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Taking Hold
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Taking Hold
From Migrant Childhood to Columbia University
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In this fourth book in his award-winning memoir series, Francisco Jimenez leaves everything behind in California—a loving family, a devoted girlfriend, and the culture that shaped him— to...
In this fourth book in his award-winning memoir series, Francisco Jimenez leaves everything behind in California—a loving family, a devoted girlfriend, and the culture that shaped him— to...
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  • In this fourth book in his award-winning memoir series, Francisco Jimenez leaves everything behind in California—a loving family, a devoted girlfriend, and the culture that shaped him— to attend Columbia University in New York City.
    With few true accounts of the Latino experience in America, Francisco Jimenez's work comes alive with telling details about the warmth and resiliency of family and the quest for identity against seemingly impossible odds.
    "Many [students] have commented that your books give them hope and courage and, thanks to you, many are seriously thinking about college for the first time in their lives" —John Padula, teacher, Boston Public Schools

About the Author-

  • Francisco Jiménez emigrated from Tlaquepaque, Mexico, to California, where he worked for many years in the fields with his family. He received both his master's degree and his Ph.D. from Columbia University and is now the chairman of the Modern Languages and Literature Department at Santa Clara University, the setting of much of his newest novel, Reaching Out. He is the Pura Belpre Honor winning author of The Circuit, Breaking Through, and La Mariposa. He is also the recipient of the John Steinbeck Award. He lives with his family in Santa Clara, California.

Reviews-

  • School Library Journal

    September 1, 2015

    Gr 9 Up-In this fourth of Jimenez's autobiographies, the author recounts his life from when he started his graduate work at Columbia University in the late 1960s to when he began his professorship at Santa Clara University in 1973. Jimenez refers frequently to the poverty he and his migrant family experienced when he was a child. The anxiety wrought by his family's dearth of resources instilled in him an ongoing fear that he was inadequate to meet the financial and academic challenges before him. Jimenez demonstrates that by dint of intelligence, tenacity, and help from friends and professors, he was able to obtain the education he desired so fervently. Jimenez's memory is capacious. He remembers the color of the suit he wore on his first day at Columbia (light green) and the cost of rent for the first two apartments where he and his wife lived ($150 and $175). These details are interesting but without modern context will not mean much to most readers. Jimenez re-creates some scenes with resonant clarity, emphasizing the necessity of pinching pennies and the joy of finding out his wife was pregnant. Other elements are not as strong. Lengthy descriptions of his academic pursuits go beyond the intended readership's interests and educational experience. Overall, this is an eloquent work about overcoming poverty to receive an advanced education. VERDICT Consider purchasing this for biography collections in need of modern-day inspirational figures.-Jennifer Prince, Buncombe County Public Libraries, NC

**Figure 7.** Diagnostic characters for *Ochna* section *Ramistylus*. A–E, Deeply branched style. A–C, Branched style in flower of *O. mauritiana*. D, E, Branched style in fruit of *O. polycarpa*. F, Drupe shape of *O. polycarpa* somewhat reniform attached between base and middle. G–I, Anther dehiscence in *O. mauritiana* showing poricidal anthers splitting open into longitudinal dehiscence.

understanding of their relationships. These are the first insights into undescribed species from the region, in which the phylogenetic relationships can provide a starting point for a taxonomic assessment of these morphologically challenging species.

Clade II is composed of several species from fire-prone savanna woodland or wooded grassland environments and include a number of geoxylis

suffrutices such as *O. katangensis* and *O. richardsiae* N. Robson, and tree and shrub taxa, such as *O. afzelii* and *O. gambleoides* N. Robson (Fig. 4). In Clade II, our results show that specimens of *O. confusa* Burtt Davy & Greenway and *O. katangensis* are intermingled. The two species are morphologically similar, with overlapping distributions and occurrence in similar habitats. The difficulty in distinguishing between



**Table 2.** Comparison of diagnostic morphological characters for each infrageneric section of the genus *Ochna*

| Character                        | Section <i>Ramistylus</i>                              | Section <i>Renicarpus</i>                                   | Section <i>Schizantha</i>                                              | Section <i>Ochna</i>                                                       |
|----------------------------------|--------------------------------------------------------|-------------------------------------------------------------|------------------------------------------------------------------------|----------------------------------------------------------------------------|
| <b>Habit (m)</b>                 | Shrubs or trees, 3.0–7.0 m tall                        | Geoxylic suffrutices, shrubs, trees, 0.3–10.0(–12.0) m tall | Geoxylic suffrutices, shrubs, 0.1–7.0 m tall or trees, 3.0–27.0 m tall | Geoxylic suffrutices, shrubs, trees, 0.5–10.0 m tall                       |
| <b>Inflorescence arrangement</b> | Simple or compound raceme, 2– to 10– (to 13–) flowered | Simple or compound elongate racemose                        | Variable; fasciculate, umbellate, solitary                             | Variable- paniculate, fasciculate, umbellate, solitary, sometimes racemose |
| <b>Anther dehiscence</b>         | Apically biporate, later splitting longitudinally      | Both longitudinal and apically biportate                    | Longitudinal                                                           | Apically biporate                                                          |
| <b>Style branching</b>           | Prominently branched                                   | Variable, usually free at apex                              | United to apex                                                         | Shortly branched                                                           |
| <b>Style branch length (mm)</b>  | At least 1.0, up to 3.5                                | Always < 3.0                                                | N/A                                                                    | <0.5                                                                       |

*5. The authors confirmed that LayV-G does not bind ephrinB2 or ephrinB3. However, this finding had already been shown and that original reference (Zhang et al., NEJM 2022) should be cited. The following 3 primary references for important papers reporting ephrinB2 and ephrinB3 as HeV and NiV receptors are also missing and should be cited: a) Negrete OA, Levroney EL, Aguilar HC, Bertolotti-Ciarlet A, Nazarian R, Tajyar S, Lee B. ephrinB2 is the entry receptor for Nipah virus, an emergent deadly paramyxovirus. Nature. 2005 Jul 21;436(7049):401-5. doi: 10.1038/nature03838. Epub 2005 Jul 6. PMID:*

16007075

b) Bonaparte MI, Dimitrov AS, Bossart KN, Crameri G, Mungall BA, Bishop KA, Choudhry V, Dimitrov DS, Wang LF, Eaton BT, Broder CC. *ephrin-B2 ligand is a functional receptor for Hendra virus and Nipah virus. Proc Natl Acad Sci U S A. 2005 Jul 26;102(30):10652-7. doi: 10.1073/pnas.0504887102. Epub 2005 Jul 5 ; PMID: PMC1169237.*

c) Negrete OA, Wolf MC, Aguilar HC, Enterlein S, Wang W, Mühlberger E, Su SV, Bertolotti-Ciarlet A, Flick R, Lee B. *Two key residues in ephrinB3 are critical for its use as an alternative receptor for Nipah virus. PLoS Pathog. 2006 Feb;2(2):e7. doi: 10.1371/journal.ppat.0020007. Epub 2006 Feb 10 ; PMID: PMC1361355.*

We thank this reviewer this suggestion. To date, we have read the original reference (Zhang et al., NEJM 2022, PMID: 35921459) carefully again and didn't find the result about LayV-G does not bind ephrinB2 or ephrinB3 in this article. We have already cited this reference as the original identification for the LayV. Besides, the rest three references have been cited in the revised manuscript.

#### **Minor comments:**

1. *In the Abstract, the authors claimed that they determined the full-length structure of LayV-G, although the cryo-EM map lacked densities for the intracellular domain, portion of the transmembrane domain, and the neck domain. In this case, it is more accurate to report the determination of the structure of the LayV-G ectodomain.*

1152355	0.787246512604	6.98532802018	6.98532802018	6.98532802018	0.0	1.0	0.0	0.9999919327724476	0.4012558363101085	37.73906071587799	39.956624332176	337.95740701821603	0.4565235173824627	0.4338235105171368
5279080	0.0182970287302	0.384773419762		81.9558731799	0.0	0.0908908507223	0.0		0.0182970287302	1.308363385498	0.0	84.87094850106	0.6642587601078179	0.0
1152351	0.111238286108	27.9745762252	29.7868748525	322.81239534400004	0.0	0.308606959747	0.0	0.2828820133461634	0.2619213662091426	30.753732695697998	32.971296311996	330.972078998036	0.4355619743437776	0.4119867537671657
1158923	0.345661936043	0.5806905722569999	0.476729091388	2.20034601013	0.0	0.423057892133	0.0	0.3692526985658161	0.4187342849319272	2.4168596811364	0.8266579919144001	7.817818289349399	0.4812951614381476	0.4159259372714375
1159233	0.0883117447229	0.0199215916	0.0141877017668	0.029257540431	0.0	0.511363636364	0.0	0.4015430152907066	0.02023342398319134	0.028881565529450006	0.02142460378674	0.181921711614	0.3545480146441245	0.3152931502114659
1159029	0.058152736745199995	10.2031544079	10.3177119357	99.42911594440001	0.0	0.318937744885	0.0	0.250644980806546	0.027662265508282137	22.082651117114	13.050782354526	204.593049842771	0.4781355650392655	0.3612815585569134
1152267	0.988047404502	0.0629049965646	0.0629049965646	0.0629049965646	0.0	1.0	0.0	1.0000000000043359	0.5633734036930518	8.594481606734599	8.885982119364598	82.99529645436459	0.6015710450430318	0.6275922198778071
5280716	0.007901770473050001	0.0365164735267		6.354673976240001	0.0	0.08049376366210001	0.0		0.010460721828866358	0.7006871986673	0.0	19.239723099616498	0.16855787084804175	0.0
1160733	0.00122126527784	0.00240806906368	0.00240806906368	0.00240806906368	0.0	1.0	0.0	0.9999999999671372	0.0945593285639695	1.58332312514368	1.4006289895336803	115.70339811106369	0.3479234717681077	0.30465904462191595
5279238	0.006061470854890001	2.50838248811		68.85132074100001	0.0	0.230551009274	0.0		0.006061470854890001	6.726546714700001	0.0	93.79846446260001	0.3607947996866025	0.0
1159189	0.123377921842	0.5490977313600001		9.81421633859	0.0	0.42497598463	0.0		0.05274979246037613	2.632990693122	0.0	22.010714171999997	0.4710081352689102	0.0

Copyright 2015 School Library Journal, LLC Used with permission.

  • Booklist

    May 1, 2015
    Grades 9-12 Following Reaching Out (2008), this is the fourth in the series of fictionalized memoirs documenting Jimenez's life in the U.S. as a Mexican immigrant. Now far removed from his life as a poor migrant farm worker, Jimenez begins this account with his arrival in New York to begin graduate studies at Columbia University. With characteristic grace and insight, he describes his new life in the grit and crush of Manhattan, the initial alienation of being a misfit among peers for whom Ivy League life is an extension of home, and the strain of missing his family and girlfriend in California. This is also the story of how Jimenez became politically aware. In the anti-Vietnam demonstrations, the assassination of Dr. King, and the literature of the Mexican revolution, he finds the language with which to understand the depth and meaning of the words of his literary mentor, Jose Marti: Anything that divides men from each other, that separates them, singles them out, or hems them in, is a sin against humanity. (Reprinted with permission of Booklist, copyright 2015, American Library Association.)

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Taking Hold
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From Migrant Childhood to Columbia University
Francisco Jiménez
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